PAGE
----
As North Korea celebrates Victory Day, the 68th anniversary of the Korean War, its leader Kim Jong Il appears to be girding the nation, as well as the rest of the world indirectly, for what might lay ahead. At an address made before thousands of North Korean citizens Kim compared the global pandemic’s effect on the country to what it experienced during the war years of the early 1950s. “We are faced with difficulties and hardship caused by the unprecedented global health crisis and prolonged lockdown no less challenging than how it was during the war.” He then went on to assure the populace that the future will bring better days. “Just like the generation of victors… our generation will continue this beautiful tradition and turn this difficult decisive period into an even greater new victory.”
In recent months, Kim Jong Un has not shied away from pointing out the urgency of the current situation for North Korea. As was the case yesterday, he has used his speeches to acknowledge the situation in his country. Part of this has stemmed from a desire to prepare the populace for more stringent times ahead. Along with this, Kim is also attempting to warn the world that without the suspension of economic sanctions North Korea faces a tumultuous future which could hold ramifications for the rest of the world.
South Korea has recognized the writing on the wall and extended an olive branch to Pyongyang. On Tuesday, Seoul announced that the Koreas have agreed to restore inter-Korea communications channels as the first step towards improving relations. Observers believe the North is also maneuvering to use the move as a stepping-stone to obtain aid to deal with COVID-19. In the past, the South Korea has expressed a willingness to provide vaccines to North Korea if requested. No such request has come from Pyongyang yet. However, with Kim likening current conditions in his country to what they were at the height of the Korean War, it might only be a matter of time before he reaches out.
Protest rallies broke out in Cuba today as citizens took to the streets and voiced their discontent with the current government, as well as shortages of food and medicine that have grown significantly worse since the start of the COVID-19 pandemic. In a nation where dissent is often dealt with swiftly and brutally, the protests appear to have taken the government by surprise. The protest rallies took place in cities and towns around the country. Santiago, Santa Clara, Matanzas, Cienfuegos and Holguín all saw protests, as did a number of smaller towns. Eventually, they came to Havana where a strong police presence was waiting. Thousands of people took part nationwide, making today’s protests the largest in Cuba since the Balsero crisis in 1994.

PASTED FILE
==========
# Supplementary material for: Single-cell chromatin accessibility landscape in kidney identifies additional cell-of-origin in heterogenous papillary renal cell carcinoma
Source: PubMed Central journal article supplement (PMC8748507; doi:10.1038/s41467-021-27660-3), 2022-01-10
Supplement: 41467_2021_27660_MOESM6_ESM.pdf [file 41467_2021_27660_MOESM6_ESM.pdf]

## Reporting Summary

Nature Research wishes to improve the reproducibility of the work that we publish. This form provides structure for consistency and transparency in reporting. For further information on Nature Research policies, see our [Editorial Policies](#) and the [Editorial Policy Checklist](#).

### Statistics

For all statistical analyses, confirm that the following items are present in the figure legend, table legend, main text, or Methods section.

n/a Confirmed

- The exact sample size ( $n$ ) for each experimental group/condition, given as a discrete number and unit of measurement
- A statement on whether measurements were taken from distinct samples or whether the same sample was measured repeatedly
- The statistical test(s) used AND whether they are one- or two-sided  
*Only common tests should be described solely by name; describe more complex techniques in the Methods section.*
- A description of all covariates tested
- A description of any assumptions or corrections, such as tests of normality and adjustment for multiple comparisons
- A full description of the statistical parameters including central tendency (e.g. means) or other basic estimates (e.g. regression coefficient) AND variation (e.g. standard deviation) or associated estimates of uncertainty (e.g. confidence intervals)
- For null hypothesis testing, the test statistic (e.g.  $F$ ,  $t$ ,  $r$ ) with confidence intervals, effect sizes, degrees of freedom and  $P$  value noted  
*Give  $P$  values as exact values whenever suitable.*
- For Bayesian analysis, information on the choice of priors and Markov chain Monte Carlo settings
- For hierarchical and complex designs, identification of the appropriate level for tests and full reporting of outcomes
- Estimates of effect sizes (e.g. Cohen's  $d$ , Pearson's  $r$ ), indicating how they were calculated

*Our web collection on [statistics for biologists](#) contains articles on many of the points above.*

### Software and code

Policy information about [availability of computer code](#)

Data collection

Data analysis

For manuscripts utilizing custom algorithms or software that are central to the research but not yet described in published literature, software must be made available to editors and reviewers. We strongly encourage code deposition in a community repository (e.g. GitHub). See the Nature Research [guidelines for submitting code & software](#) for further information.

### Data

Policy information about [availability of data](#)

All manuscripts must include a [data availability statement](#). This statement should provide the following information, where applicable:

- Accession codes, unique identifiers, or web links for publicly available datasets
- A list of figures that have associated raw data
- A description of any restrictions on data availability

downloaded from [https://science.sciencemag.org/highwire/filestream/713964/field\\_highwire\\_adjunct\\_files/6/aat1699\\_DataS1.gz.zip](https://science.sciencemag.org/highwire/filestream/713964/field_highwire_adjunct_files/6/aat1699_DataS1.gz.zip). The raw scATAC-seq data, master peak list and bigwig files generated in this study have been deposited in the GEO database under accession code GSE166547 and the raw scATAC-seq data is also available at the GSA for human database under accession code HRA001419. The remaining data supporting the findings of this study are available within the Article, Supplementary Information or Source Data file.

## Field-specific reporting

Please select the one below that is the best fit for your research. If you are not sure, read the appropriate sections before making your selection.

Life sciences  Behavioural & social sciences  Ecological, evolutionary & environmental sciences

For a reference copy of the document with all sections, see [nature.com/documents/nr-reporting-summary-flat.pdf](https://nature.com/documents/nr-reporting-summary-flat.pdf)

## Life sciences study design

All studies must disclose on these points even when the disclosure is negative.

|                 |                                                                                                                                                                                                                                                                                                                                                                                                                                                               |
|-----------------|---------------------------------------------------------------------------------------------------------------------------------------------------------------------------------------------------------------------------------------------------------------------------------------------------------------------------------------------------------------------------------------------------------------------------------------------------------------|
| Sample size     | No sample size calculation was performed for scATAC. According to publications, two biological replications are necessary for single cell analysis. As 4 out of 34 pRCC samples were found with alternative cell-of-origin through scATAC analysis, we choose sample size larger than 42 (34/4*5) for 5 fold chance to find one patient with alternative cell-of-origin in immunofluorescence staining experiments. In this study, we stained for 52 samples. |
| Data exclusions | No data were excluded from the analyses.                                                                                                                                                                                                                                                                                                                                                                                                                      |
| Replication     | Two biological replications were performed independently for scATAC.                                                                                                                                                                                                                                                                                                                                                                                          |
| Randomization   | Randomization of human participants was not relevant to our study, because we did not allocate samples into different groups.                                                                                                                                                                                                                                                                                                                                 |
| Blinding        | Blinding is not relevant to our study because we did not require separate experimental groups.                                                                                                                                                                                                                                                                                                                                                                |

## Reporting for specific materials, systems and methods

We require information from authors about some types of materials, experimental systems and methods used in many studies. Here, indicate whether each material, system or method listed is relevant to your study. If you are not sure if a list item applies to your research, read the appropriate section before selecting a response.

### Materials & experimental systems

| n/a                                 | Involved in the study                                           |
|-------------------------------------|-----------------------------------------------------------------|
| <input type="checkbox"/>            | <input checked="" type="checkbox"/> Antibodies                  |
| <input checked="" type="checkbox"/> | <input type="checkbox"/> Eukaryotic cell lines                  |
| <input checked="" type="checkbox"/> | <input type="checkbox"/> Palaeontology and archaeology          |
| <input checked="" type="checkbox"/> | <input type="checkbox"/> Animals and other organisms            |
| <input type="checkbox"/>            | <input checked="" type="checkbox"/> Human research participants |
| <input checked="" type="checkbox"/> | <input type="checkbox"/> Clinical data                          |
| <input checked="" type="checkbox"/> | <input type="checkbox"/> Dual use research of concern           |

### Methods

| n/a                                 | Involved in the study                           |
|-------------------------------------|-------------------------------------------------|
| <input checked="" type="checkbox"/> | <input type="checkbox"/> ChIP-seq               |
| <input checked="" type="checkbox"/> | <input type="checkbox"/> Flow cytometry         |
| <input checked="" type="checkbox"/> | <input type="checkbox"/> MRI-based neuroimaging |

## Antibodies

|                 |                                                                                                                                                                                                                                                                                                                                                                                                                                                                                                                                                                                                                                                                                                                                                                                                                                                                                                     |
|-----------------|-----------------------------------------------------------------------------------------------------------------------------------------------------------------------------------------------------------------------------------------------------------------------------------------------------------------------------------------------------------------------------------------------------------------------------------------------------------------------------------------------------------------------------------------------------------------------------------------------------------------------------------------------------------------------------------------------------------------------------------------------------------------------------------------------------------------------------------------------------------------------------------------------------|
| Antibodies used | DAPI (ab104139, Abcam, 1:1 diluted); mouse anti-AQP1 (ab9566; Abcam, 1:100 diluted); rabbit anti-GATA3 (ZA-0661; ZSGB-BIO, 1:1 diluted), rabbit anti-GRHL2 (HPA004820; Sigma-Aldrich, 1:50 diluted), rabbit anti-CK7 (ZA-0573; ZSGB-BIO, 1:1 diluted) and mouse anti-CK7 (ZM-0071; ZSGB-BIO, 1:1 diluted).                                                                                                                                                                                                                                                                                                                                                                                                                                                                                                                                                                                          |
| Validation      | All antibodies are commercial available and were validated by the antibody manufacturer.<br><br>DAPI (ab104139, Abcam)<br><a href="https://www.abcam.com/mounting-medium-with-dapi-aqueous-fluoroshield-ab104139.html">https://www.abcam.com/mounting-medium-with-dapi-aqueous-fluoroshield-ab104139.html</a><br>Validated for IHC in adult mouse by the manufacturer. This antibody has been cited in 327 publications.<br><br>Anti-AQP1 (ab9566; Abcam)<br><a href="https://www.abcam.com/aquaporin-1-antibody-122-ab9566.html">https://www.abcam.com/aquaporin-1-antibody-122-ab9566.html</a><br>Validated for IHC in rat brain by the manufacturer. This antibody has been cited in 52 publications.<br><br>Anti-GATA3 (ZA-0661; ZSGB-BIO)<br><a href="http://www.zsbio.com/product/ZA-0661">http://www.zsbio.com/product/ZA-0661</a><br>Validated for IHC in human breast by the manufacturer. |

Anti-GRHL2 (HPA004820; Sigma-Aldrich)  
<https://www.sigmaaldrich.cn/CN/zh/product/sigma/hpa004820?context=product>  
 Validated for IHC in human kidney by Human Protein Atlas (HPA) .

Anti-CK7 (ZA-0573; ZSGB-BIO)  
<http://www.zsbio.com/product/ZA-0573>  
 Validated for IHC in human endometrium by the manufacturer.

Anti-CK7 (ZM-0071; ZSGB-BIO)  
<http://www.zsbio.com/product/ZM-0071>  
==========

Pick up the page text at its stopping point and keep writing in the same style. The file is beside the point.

A shortage in COVID-19 vaccines seems to have been a contributing factor for today’s events too. Cuba has been setting record highs in the number of COVID cases of late. Efforts to control transmission of the virus have not kept up with the rise in cases. Cuba’s economy is also in the midst of a contraction. Economic sanctions and multiple layers of bureaucracy have combined to bring production in agricultural and essential food sectors to a near standstill. Of course, these problems are all symptoms of the main ailment facing Cubans: the authoritarian government in Havana.
It did not take very long for the Cuban government to lay blame for the protests at the feet of the United States. The next step in the government’s response will be watched closely by the US and other nations in the region. This is the first major test for Cuba’s leader Miguel Díaz-Canel since he assumed power in April of this year.
For the US, the Cuba demonstrations could serve to bring about another test for the Biden administration which is now contending with Haiti and the aftermath of its president’s assassination last week.
Author’s Note: Just a short post this evening, but I will get back on track tomorrow or Wednesday. –Mike
2021 is less than two months old and already, the European Union has been made painfully aware (once again) of its limitations. So far, 2021 has highlighted the deep divide between the grandiose designs of the EU and its limited capabilities. Even more urgent for Brussels has been the sudden lack of design or guidance from the executive EU’s executive arm.
The COVID-19 vaccines scandal is becoming the straw that could, potentially, break the bloc’s back. In short, the EU has been overconfident about vaccine production and costs. The rollout process has been slow and disorganized. Meanwhile, in Great Britain 12 million citizens have received their first dosage of vaccine, surpassing the EU in number of shots given as well as distribution time.
European Commission President Ursula von der Leyen has come under increasingly heavy fire over the EU’s stuttered vaccine rollout. She has admitted being overconfident about production targets, and the original timelines, but that is where the mea culpa stops. She has failed to accept responsibility for the foul ups or present a realistic plan to the governments and people of member-states. In other words, von der Leyen has left much of the continent hanging in the breeze as she tries to craft a patch for this particular crisis.
If this weren’t enough, two weeks ago the EU announced its intention to invoked Article 16 of the Northern Ireland Protocols. Fortunately, saner head prevailed. That’s a topic worth discussing more in the near future when more time is available.